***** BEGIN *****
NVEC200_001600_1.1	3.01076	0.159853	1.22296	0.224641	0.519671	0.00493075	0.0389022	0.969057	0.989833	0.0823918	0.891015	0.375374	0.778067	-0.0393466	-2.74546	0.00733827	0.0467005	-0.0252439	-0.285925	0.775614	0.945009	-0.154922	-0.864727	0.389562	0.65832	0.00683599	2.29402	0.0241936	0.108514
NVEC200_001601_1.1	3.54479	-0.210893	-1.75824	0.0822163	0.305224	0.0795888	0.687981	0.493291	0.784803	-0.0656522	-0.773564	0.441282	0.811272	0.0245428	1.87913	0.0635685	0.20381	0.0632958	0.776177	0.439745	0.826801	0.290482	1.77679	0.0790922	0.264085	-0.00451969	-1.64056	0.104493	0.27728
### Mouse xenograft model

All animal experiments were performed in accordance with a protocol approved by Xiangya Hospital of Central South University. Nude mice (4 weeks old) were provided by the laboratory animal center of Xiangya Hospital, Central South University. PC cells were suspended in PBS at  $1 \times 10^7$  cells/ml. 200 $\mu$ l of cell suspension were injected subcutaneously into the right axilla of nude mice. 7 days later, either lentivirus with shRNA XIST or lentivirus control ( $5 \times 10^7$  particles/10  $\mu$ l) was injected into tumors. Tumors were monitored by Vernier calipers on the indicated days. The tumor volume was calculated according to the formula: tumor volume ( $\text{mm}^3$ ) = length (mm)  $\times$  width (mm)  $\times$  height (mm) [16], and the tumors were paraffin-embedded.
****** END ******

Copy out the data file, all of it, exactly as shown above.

NVEC200_001600_1.1	3.01076	0.159853	1.22296	0.224641	0.519671	0.00493075	0.0389022	0.969057	0.989833	0.0823918	0.891015	0.375374	0.778067	-0.0393466	-2.74546	0.00733827	0.0467005	-0.0252439	-0.285925	0.775614	0.945009	-0.154922	-0.864727	0.389562	0.65832	0.00683599	2.29402	0.0241936	0.108514
NVEC200_001601_1.1	3.54479	-0.210893	-1.75824	0.0822163	0.305224	0.0795888	0.687981	0.493291	0.784803	-0.0656522	-0.773564	0.441282	0.811272	0.0245428	1.87913	0.0635685	0.20381	0.0632958	0.776177	0.439745	0.826801	0.290482	1.77679	0.0790922	0.264085	-0.00451969	-1.64056	0.104493	0.27728
### Mouse xenograft model

All animal experiments were performed in accordance with a protocol approved by Xiangya Hospital of Central South University. Nude mice (4 weeks old) were provided by the laboratory animal center of Xiangya Hospital, Central South University. PC cells were suspended in PBS at  $1 \times 10^7$  cells/ml. 200 $\mu$ l of cell suspension were injected subcutaneously into the right axilla of nude mice. 7 days later, either lentivirus with shRNA XIST or lentivirus control ( $5 \times 10^7$  particles/10  $\mu$ l) was injected into tumors. Tumors were monitored by Vernier calipers on the indicated days. The tumor volume was calculated according to the formula: tumor volume ( $\text{mm}^3$ ) = length (mm)  $\times$  width (mm)  $\times$  height (mm) [16], and the tumors were paraffin-embedded.